“Perched precariously on an upturned washtub, her hands protected by heavy gloves, she snapped off branches from a 10-foot-high holly tree. ‘Better to break them off by hand than snip them with clippers,’ she called over her shoulder. ‘Snipping too close can set the tree back for years.’”
In her younger years, Lula made 200 to 300 wreaths a year. Here is one other snippet from Lula: “Don’t ask me why. I just like to make them.” OK, another one: “Miss Jackson wouldn’t say just how long she had been making holly wreaths. ‘That would tell my age,’ she said. ‘But it has been a pretty long time!’
THE MAKERS: A LABOR OF LOVE
“It hardly seems like Christmas without holly wreaths,” Mrs. William Townsend told a reporter in 1956. The wreath business was in decline by then, but the resident of Siloam (located west of Fruitland) was still at it.
“It’s hard work but I love to make wreaths, and I love to have my own money to buy presents” at Christmas. The previous year, she got her husband an electric razor.
Starting right after Thanksgiving, Mrs. Townsend’s workdays began right after she got her son Albert off to school. She heads to the smokehouse where she retrieves sacks of twigs and “boxes and tubfuls of neat little bunches of berries, wired in clusters like radishes at the supermarket.”
“Her wreath making is done in an atmosphere of a country kitchen filled with the fresh smell of the forest and a wood-burning cookstove with pots of the noon-day meal cooking.”
Mrs. Townsend made about 25 wreaths a day, while also managing her household.
I wish I had the opportunity to meet Mrs. James F. Savitz of Federalsburg. She had been making wreaths for more than 40 years by the time she spoke to a reporter who ended up describing her this way:
“Mrs. Savitz, who also is a paperhanger, singer, evangelist, nurse, and green-pepper picker, fashioned approximately 1,000 wreaths this year.”
THE END: DEATH OF A TRADITION
The holly-wreath business went into decline in the 1950s, and the Fruitland auction closed up shop in the late 1960s. A Salisbury Daily Times reporter in 1965 put it this way:
“Like cranberry chains and popcorn balls, the holly wreath may soon join the ghosts of Christmas past.”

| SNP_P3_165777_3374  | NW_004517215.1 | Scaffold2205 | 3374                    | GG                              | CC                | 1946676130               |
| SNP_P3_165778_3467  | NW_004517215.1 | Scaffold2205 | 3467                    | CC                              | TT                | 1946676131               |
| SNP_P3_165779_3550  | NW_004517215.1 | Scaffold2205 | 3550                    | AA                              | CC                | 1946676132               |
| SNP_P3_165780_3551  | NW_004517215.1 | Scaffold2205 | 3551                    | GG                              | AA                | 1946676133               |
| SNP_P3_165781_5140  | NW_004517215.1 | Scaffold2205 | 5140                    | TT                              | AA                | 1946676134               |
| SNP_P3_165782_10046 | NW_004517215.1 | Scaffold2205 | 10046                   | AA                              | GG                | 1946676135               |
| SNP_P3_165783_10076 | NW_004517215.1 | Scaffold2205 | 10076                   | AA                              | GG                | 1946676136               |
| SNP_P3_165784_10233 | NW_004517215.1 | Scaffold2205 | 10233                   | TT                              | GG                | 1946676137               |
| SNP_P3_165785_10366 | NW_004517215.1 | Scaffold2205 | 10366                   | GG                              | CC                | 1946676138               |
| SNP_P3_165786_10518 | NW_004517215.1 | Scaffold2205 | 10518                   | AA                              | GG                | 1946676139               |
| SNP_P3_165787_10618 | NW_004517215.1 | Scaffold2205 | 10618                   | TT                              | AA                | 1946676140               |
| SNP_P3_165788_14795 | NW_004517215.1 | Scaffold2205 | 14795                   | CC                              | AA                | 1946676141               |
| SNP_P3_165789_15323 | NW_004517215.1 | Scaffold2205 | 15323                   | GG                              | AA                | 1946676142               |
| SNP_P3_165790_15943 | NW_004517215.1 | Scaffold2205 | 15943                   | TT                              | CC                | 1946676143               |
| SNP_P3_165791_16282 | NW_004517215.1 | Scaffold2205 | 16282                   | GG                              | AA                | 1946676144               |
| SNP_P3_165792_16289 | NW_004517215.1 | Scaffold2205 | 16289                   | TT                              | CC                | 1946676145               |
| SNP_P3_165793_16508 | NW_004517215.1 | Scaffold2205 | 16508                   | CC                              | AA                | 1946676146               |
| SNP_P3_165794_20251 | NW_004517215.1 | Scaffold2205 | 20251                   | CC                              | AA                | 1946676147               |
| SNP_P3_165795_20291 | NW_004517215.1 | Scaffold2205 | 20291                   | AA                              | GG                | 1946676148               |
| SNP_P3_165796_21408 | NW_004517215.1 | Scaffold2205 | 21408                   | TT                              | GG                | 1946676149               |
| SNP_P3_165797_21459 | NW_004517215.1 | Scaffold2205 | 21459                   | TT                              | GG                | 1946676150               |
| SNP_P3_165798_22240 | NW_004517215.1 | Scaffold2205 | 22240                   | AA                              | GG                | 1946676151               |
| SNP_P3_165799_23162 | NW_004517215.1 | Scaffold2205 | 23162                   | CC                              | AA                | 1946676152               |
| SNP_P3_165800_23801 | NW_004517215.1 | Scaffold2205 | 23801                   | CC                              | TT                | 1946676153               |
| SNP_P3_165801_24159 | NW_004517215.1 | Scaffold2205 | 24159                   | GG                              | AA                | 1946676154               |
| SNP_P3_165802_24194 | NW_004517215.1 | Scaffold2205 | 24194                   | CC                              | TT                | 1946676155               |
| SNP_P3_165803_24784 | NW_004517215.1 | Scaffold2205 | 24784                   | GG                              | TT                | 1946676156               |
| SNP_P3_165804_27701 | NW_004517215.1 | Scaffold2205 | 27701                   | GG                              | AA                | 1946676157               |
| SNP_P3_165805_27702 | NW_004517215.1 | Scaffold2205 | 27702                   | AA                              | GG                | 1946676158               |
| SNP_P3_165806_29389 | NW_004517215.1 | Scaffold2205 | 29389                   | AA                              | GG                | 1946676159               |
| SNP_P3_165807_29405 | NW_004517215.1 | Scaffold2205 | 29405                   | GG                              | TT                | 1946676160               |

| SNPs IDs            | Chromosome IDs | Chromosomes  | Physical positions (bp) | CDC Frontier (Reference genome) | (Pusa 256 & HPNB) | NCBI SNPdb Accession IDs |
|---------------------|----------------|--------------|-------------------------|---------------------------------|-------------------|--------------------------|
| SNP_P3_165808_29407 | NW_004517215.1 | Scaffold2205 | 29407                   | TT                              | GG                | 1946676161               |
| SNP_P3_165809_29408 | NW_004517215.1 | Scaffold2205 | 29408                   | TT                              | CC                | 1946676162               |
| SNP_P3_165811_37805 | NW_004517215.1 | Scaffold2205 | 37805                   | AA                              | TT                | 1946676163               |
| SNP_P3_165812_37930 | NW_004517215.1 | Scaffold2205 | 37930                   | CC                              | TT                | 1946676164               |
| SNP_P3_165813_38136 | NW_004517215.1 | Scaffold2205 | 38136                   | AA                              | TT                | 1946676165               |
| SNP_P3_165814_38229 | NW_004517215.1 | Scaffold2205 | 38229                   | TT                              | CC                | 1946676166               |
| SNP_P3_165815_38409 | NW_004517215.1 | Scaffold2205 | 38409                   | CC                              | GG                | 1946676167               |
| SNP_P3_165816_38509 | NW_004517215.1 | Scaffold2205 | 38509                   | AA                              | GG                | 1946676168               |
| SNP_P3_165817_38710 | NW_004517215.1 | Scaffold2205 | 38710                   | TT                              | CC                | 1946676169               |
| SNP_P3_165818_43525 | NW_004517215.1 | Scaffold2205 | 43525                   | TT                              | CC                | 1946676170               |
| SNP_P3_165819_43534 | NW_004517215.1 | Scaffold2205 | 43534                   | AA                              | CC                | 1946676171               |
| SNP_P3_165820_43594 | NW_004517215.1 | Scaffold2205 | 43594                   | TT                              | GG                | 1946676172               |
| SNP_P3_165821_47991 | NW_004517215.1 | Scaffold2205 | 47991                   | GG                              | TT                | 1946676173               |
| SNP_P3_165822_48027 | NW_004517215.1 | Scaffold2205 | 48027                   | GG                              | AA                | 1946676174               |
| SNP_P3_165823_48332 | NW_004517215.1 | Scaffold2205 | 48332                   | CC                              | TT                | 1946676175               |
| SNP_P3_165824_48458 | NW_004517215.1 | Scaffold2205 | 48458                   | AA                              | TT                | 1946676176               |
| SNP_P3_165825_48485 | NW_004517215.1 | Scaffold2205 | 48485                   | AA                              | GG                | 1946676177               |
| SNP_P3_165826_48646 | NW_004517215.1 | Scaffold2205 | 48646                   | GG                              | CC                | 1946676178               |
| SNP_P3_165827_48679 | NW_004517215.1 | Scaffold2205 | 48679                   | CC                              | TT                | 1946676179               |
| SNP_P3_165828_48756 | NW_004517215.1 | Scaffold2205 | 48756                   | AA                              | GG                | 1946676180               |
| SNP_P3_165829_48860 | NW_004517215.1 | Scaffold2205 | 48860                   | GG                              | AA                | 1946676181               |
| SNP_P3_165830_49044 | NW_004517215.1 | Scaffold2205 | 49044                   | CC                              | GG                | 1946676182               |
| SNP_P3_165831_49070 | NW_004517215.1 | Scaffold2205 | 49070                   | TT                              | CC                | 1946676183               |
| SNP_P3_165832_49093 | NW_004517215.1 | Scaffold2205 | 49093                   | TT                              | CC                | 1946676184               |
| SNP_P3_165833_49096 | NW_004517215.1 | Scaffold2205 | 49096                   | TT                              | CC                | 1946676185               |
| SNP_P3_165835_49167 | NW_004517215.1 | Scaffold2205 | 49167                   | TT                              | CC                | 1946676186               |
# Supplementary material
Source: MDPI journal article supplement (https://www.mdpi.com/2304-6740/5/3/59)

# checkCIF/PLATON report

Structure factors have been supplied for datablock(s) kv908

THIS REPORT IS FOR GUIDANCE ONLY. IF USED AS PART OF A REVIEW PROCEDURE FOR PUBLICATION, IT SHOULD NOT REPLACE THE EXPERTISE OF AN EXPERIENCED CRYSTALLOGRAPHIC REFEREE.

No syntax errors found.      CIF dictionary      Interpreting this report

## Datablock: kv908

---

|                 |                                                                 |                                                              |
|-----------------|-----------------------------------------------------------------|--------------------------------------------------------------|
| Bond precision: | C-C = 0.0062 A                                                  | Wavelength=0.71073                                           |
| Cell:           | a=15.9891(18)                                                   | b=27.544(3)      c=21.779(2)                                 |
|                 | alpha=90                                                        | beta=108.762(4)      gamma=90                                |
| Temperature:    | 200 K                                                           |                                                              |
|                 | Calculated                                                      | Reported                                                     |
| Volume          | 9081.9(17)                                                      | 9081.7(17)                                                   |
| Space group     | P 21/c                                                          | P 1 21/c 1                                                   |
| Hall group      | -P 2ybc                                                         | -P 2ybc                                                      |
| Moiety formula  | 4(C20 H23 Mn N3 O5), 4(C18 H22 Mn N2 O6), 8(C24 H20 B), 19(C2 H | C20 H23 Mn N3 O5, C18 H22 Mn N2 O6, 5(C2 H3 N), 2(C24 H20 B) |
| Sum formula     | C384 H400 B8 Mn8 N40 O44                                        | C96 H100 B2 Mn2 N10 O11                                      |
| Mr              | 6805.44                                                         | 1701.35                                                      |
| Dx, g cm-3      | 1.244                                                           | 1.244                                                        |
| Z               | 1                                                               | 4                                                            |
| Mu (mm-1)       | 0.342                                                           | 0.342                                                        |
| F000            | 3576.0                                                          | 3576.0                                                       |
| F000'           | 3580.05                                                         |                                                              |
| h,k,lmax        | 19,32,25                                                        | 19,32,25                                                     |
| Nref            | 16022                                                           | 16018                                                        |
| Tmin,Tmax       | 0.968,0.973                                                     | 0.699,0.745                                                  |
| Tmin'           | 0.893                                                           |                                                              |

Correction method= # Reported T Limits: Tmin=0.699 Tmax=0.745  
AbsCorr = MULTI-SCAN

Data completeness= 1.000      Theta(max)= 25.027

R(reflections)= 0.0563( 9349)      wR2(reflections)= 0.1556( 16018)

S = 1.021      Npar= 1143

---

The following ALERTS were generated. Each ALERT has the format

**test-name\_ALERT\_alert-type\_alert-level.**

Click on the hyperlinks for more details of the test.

Here are a few theories about the reasons the business collapses.
- Mrs. Etta Carey Bloxom was a buyer at the Fruitland auction. She blamed the arrival of artificial wreaths: “They make them look so natural that there isn’t much demand now for the real ones.”
- Another buyer, Louis M. Carey, said too many woodlands have been cut down to make room for houses and farmland. Plus “the winters are getting warmer all the time, and wreaths don’t keep as well.”
- Carey had another theory, too: “The old people are going and the young ones are away from home or they can make money easier in other ways.”
- Mrs. Oliver Ruark, whose mother made wreaths for 40 years, told a reporter she no longer made any wreaths: “When I was young, you made wreaths or you didn’t have money to buy gifts. We also did it because there was a family joy in it. I miss that.”
In an unsigned editorial in 1966, the Daily Times rhapsodized about the rich traditions of the holly trade:
“Urban folks bought themselves a genuine touch of the country for the Christmas season. The country folks earned extra money with which to buy holiday things, some of them from the city.”
The piece finished on this sad note:
“Perhaps families are not what they used to be and no longer do enough of them gather in a common effort such as wreath-making. … It’s sad to contemplate the likelihood that as some future holiday season approaches, an Eastern Shore tradition will have passed on.”
–written and posted by Jim Duffy on Nov. 25, 2020 for Secrets of the Eastern Shore/Whimbrel Creations LLC. All rights reserved.
• You can read about the holly wreath-making traditions of Southern Delaware here.
• You can read about the holly wreath-making traditions of the Eastern Shore of Virginia here.
• The photo up top here of a family making holly wreaths is in the collection of the Delaware Archives.